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Lots of oil around the engine area

I have been looking for 1995-1998 cars for my weekend project. I just saw 1995 Honda Accord LX with 168,000 miles. It drove good but when I opened up the hood, there was a lot of oil. What could be bad about the car? Seals may need to be changed. Are they expensive? I heard that if “head gasket was gone” it will be expensive to fix. What are the symtoms of head gasket gone?

What exactly is the nature of the weekend project? Because if it is to do something with a car it sounds like you’re starting at zero. There are lots of places that oil can leak from.

Where was the oil? I’m guessing that it must be up top. If so it might be as simple as a leaking valve cover gasket or breather - not expensive or hard to fix. It could also be a leaky oil pressure sensor.

The more expensive “seals” tend to be down bottom - the front and rear crank seals for instance.

Head gasket leaks usually don’t present themselves on the outside or top of the engine, but on the inside. Look at the bottom of the oil cap and the oil on the dipstick. If it looks all milky that is often a good sign of a head gasket problem. Another sign is loss of coolant and a tailpipe blowing white smoke past engine warm up.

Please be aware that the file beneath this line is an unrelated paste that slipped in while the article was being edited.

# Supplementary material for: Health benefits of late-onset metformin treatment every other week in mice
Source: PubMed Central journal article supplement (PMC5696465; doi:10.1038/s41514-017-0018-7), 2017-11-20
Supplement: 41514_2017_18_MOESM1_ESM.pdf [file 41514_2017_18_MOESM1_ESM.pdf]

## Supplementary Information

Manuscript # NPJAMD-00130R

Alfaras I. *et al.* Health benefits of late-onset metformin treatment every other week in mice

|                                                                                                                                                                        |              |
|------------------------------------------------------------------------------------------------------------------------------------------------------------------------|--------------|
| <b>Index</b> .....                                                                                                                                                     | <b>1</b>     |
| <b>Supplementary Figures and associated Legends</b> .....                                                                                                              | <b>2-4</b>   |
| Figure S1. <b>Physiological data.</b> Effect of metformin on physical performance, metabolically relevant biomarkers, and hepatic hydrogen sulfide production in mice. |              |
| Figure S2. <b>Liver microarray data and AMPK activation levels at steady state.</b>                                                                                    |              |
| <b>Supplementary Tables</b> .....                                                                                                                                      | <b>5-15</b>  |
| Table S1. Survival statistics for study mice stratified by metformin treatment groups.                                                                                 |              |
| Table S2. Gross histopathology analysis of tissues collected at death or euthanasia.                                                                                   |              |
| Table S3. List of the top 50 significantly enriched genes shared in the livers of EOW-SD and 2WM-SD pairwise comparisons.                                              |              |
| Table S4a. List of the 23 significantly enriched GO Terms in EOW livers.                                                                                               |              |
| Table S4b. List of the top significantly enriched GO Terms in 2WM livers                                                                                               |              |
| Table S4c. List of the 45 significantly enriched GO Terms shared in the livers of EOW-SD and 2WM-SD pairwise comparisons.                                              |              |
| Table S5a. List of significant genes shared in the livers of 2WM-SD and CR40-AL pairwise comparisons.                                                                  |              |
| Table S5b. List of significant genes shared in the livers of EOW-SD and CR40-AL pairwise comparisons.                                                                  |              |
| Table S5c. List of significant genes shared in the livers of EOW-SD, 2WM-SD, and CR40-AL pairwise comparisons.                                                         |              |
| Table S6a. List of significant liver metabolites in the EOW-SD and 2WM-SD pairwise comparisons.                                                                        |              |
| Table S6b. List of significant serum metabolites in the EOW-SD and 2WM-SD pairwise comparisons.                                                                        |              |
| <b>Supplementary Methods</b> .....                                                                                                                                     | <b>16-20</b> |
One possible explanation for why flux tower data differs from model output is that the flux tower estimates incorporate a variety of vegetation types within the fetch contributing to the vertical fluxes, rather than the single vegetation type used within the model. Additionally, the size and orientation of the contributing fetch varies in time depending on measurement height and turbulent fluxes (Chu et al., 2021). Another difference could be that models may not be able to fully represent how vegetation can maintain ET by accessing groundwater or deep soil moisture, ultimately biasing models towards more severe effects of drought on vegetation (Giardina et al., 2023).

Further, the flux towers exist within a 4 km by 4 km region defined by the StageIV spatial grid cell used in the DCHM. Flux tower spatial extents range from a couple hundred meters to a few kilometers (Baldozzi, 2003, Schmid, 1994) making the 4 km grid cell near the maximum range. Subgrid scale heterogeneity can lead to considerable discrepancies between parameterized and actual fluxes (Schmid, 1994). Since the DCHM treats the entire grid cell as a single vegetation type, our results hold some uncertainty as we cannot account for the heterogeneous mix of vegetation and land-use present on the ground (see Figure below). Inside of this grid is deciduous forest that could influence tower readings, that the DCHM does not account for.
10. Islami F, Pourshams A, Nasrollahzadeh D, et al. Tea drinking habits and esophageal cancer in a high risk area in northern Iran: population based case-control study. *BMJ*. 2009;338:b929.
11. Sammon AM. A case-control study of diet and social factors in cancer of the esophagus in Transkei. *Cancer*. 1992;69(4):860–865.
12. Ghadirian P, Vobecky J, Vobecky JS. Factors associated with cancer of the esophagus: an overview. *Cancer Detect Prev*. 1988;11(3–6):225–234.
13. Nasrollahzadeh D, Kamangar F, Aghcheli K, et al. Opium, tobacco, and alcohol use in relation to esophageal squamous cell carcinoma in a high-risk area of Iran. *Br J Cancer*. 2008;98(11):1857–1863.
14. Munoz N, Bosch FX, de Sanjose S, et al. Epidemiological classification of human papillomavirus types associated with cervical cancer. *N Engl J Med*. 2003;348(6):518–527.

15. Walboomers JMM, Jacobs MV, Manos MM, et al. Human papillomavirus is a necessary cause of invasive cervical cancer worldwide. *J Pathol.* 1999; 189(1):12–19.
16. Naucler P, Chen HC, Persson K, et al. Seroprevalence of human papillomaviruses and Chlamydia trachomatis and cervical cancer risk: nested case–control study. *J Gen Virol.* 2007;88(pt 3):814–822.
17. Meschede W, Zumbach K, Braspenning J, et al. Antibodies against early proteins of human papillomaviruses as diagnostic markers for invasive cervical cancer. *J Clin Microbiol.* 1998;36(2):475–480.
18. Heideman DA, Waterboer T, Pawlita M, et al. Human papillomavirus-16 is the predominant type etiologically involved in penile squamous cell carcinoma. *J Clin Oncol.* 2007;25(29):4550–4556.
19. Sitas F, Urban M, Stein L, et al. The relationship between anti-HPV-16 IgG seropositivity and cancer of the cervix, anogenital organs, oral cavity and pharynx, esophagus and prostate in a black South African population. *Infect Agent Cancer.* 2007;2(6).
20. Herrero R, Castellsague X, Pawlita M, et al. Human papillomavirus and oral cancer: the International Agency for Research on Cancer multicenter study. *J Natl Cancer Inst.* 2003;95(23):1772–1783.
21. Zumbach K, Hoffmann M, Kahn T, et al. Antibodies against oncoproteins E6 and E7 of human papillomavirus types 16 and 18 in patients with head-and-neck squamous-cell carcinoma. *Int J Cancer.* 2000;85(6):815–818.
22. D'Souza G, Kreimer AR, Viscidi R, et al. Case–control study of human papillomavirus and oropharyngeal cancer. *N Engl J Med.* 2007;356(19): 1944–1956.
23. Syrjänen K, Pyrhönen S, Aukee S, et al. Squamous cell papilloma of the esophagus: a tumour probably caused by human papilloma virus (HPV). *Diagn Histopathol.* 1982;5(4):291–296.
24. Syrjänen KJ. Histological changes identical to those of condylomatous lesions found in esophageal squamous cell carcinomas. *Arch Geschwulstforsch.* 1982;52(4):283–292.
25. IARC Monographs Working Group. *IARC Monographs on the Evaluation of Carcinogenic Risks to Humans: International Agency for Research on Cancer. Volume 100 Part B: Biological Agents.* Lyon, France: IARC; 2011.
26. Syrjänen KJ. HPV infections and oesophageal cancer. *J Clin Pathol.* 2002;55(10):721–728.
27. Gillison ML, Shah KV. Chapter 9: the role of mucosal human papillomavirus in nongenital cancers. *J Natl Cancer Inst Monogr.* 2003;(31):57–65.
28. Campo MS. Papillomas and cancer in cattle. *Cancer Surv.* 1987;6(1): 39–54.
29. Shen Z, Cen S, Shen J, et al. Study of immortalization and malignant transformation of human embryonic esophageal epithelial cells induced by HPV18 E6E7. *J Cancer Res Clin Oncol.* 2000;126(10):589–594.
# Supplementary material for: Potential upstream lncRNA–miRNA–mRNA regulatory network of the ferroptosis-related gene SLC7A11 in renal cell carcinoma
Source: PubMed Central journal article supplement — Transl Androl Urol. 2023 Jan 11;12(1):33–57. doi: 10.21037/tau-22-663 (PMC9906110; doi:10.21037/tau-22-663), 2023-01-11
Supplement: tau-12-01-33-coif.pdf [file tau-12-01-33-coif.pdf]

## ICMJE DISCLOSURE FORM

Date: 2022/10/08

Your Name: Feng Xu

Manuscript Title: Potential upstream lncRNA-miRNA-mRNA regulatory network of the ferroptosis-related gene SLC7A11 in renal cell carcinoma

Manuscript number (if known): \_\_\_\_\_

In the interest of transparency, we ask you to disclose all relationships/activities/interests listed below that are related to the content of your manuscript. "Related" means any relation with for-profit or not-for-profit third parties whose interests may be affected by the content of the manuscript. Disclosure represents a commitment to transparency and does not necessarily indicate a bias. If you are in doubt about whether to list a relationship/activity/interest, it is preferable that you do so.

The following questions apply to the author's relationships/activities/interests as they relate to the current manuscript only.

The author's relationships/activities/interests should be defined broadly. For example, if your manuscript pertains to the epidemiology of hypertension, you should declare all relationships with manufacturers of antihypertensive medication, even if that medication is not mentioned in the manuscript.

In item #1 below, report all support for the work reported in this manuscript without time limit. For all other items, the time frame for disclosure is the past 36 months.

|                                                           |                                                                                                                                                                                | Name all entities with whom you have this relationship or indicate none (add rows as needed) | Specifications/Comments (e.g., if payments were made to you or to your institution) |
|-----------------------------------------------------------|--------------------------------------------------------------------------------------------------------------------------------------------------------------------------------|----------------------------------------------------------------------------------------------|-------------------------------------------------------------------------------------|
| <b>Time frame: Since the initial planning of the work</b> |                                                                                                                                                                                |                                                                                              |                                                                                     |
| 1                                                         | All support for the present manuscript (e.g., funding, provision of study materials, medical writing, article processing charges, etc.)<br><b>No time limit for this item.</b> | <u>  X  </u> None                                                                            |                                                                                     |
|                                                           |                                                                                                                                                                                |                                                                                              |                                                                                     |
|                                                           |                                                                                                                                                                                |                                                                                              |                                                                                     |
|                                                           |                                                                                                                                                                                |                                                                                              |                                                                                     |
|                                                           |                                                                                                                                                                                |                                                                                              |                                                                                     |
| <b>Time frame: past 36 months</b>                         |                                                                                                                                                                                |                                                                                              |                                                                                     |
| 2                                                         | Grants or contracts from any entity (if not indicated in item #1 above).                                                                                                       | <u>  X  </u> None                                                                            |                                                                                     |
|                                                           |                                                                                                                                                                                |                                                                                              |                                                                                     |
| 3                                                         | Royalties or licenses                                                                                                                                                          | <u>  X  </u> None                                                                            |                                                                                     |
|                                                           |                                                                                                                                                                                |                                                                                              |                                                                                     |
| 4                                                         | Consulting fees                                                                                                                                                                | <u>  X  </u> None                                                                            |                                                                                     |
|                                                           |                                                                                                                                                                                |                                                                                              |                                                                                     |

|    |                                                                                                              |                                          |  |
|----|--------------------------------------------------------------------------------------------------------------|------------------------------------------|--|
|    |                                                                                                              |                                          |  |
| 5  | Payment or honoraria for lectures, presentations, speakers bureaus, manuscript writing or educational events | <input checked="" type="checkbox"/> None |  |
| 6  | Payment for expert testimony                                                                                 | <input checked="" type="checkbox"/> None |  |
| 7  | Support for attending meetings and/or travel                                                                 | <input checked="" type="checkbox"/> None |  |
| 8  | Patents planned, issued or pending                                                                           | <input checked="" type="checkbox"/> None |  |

Anyway…there is no simple answer to your question. But if you’re looking for a “project car” to fix up and maybe learn auto mechanics, start by having a mechanic help you find a car. Then buy a good shop manual for it.

With 168,000 miles, the engine is most likely worn, and there is plenty of blow-by. It is more possible the excessive blow-by is forcing engine oil through the breather line, and into the intake manifold. It is also probably blown out the valve cover seals, and forcing oil mist all over the engine compartment. Pull the air intake tube off the throttle body, and see if there is oily residue on the throttle body throat.

I doubt the head gasket is bad. But, if you do the work, they are not that expensive. Most 4-banger gasket kits are around $100, and that’s for Felpro, a good name. Most of the money involved is labor time, since it takes a lot of work to properly pull a cylinder head and clean everything up.

I just did a head gasket job on a Volvo this past summer, and took 2 weekends to get the job done. First weekend, actually a Saturday, was spent in disassembly. Took a full day. Sunday was cleaning up parts that looked in fairly good shape. Cylinder head taken to a machine shop on Monday, and was checked out, surfaced, and valves seated. Returned on Thursday, ready to install. Started re-fitting it all on a Saturday morning. Tightened up the last of it, including fighting the timing belt on Sunday. Had it running again by Sunday afternoon. I figure I spent nearly 35 hours working on it. At current shop rates, that would have been nearly $3000 dollars in labor charges alone.

My thoughts were exactly the same as Bustedknuckles’. Excessive crankcase pressure caused by wear and resulting blowby.

To find out, have a simple compression test done by your shop.